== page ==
Under the SKanner: Shai Hope
Sometimes all your abilities wait for one fine day. Sometimes all that’s wrong with you suddenly decides to turn the tables and be in your favour. Sometimes you step out to make history and that is precisely what Shai Hope did when he batted England out of the game at Headingley.
Set 322 to win on a Headingley track known to unleash beasts on the final two days of a Test, it was never going to be a straightforward task. Faced with England’s leading wicket takers in the history of the game and a spinner who, it was said, the bowlers would easily run through the Windies lineup on the final day.
But two Barbadians stepped out to bat like they were men of God. Men with God. They came, they saw, they defended, they thwarted, they left and they won. Michael Holding, 'the whispering death’ as he was called, was on air, and it seemed that after ages, Mikey was seeing a spark in this side. A spark he could relate to.
A spark that he missed for long. It prompted him to say on air, although in almost a passing reference, one which is very tough to pick up, that a strong Bajan makes a strong Windies.
Kriagg Brathwaite and Hope were indeed strong Bajans and they almost on their own might, won the Windies a game they were never supposed to win. Especially after their defeat at Edgbaston.
Come Headingley, things were about to change. When Hope came out to bat in the Windies’ first innings, the score was 35 for 3 wickets. Similar times beckoned for the Windies. Save only for that they didn’t. Hope planted his feet and played an innings of his life only to replicate it in the second innings too.
Something was clicking in this man who came to this test match with a career average of 18.90. Someone with those numbers isn’t supposed to bat like he was born to torment bowlers. And yet it all unfolded. Here’s how Hope instilled hope in all of the West Indies and drove them to an unlikely victory.
Before you're taken aback by this seemingly denigrative use of an adjective for Hope, this is with reference to the kind of a batsman he is. Stubborn, ready to grind out tough periods of play. All in a hope to feast on good ones. And he did precisely that. Take this for an instance; needing 10 to win, he was offered a half-volley outside his off-stump. This could easily have been a glory moment. But Hope let it go. Like he didn’t want runs, like every ball he left was adding to his bank account. You need a character stronger than steel to be able to do that. To be able to stand in the middle and not lose concentration.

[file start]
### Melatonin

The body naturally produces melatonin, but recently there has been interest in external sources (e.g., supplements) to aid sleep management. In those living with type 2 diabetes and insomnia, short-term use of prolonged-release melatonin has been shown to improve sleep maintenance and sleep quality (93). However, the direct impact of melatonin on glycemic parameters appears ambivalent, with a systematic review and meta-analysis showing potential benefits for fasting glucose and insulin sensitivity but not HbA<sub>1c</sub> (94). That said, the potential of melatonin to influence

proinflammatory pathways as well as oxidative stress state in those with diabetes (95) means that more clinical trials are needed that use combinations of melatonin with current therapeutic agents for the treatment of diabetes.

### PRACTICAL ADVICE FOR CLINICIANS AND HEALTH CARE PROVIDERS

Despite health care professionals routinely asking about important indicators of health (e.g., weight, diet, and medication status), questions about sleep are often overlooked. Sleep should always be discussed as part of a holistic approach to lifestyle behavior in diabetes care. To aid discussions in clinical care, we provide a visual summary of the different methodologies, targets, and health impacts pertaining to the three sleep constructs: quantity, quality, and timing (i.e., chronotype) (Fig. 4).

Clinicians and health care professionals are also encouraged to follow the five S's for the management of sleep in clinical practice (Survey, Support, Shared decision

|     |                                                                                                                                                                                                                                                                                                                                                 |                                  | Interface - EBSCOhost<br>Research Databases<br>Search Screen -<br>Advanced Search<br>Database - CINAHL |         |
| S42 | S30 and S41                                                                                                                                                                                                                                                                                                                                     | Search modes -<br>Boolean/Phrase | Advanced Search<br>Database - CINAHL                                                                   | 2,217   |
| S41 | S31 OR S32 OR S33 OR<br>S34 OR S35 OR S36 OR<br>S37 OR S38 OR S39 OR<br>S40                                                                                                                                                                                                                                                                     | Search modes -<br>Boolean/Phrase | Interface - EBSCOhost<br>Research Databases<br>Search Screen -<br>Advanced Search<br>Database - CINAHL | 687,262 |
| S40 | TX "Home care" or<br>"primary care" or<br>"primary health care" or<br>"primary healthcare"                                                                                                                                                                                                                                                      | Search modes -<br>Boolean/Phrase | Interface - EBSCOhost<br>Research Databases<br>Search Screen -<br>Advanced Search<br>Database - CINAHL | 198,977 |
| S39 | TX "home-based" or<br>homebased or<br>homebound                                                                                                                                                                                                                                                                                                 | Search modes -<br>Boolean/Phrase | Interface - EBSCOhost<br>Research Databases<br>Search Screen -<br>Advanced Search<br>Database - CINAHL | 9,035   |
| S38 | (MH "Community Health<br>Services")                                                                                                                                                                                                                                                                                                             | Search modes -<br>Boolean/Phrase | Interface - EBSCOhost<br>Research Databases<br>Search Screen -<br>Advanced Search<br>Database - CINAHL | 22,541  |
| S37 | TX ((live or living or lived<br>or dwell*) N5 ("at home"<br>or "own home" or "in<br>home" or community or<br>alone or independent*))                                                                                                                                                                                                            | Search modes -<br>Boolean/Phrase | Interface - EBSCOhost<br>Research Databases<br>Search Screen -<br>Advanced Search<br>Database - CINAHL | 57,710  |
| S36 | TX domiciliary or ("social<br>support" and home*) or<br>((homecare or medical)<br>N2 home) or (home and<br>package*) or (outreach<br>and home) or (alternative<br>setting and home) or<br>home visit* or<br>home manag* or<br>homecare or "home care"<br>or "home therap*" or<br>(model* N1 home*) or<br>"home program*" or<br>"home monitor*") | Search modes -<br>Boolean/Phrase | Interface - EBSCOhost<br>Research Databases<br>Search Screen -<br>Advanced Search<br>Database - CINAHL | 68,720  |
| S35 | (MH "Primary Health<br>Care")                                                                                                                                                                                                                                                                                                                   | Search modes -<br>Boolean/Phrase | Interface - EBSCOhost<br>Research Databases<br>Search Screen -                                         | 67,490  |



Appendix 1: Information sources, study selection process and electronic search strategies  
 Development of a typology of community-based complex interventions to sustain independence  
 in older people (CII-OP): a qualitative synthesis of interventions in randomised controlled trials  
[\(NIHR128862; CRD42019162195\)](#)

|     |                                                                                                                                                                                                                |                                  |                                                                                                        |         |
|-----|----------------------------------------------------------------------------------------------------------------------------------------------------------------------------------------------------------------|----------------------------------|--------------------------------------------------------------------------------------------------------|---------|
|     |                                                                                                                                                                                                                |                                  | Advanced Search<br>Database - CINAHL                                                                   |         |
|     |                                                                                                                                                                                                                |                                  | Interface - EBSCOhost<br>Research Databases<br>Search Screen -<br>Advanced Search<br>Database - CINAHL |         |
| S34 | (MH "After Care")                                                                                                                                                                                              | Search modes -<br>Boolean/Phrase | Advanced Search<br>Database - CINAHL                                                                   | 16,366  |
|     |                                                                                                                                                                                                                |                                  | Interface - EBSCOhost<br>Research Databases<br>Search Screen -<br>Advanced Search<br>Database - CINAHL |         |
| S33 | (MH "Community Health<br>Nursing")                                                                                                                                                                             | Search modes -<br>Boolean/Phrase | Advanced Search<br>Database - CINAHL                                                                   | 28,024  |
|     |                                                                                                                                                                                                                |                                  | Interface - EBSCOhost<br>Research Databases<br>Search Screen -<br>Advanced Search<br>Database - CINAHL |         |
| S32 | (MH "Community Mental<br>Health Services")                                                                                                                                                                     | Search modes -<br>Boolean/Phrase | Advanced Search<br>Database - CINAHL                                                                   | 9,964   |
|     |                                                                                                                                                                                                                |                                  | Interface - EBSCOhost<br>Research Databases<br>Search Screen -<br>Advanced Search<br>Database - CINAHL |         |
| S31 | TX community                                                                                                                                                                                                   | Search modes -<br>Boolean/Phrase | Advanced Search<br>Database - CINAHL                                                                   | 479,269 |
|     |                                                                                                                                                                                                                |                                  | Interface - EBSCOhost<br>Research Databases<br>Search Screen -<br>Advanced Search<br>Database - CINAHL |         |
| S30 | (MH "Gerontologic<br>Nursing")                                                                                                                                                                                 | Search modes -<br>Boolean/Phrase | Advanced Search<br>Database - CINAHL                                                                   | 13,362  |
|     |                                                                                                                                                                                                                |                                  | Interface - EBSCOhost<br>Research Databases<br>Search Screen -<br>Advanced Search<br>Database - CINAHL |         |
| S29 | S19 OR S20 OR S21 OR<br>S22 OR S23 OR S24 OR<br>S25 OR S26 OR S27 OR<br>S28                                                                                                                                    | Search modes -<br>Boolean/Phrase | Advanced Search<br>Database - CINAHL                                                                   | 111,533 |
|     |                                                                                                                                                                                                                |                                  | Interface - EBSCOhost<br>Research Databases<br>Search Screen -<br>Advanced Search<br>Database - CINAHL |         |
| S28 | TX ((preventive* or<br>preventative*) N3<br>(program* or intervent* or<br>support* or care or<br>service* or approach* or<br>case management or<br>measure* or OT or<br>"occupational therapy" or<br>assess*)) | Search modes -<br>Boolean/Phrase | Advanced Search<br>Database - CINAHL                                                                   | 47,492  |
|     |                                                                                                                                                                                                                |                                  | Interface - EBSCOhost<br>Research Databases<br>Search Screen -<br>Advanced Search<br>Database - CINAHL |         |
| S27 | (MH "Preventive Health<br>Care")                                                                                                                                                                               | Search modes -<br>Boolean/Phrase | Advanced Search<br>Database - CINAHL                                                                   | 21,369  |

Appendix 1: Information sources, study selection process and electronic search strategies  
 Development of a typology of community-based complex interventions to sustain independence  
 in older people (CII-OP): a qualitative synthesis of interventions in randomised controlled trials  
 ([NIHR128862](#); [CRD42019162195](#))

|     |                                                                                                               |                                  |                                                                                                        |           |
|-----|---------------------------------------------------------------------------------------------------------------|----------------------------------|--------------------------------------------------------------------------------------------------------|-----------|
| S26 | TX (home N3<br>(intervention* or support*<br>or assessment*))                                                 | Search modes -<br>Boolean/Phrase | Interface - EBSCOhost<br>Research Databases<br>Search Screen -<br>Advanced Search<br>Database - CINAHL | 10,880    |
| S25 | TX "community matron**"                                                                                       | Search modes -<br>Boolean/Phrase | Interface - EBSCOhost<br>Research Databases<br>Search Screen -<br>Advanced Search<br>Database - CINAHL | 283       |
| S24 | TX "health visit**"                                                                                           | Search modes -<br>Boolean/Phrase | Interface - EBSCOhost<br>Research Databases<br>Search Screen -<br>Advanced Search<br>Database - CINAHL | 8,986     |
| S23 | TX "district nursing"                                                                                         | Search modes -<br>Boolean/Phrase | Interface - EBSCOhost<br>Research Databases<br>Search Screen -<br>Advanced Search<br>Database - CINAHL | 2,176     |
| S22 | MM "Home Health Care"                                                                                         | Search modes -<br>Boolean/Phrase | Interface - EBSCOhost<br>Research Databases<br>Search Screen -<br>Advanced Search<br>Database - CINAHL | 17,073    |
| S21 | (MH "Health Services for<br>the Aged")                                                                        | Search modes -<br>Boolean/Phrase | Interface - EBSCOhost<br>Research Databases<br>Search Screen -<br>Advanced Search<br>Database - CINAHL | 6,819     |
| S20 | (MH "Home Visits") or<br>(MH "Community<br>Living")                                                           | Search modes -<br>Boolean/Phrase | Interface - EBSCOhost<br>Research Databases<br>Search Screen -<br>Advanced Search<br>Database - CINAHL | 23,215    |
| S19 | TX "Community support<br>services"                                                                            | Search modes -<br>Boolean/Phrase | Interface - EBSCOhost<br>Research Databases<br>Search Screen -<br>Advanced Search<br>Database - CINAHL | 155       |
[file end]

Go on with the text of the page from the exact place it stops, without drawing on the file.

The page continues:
Magical in his back-foot
One conspicuous difference between Hope and all other Windies batsmen was his ability to wait for the ball till the very last moment. In England, a lot of batsmen get fooled by the pace some tracks -- like the one at Headingley -- have to offer and commit to playing early.
Sachin Tendulkar, when he struggled against pace in England in the early '90s, went to Sunny Gavaskar for advice. And the Little Master opined, in England, always wait for the ball to come to you. If you saw Hope bat, you’d assume he eavesdropped on that conversation because while others seemed hurried, Hope seemed to have enough time to have a three-course English breakfast and then play the shot.
Per a CricViz stat, Hope played 50 balls off his back foot and didn't miss a single one of them! How’s that for excellence? Quite fittingly, the Windies’ winning runs came in the form of a shot that he tucked onto the leg-side off his hips. Playing it as late as he could. And as well as he could.
Like a seasoned test batsman from the days of yore, Hope comes across as a calm and composed batsman. Someone who seems in no hurry. Someone who seems to always be in absolute control of his game regardless of what’s happening around him. He batted for 343 minutes in the first innings and 321 minutes in the second innings. There were, of course, shots he wasn’t in full control of during this time. But none of them were shots played by someone who was in a hurry.
Of course, there were flaws and loopholes in his technique. He struggled with anything short fired into his ribs. He struggled against the one that came in before shaping away from him. There were moments where Broad tested him with the one that reversed back in sharply. But none of them seemed to rattle the fighter that Hope emerged.
While working magic with his willow wand, he also became the first man in the 127-year-old history of the Headingley at Leeds to score centuries in each innings of a First Class game.
In Hope the Windies trust!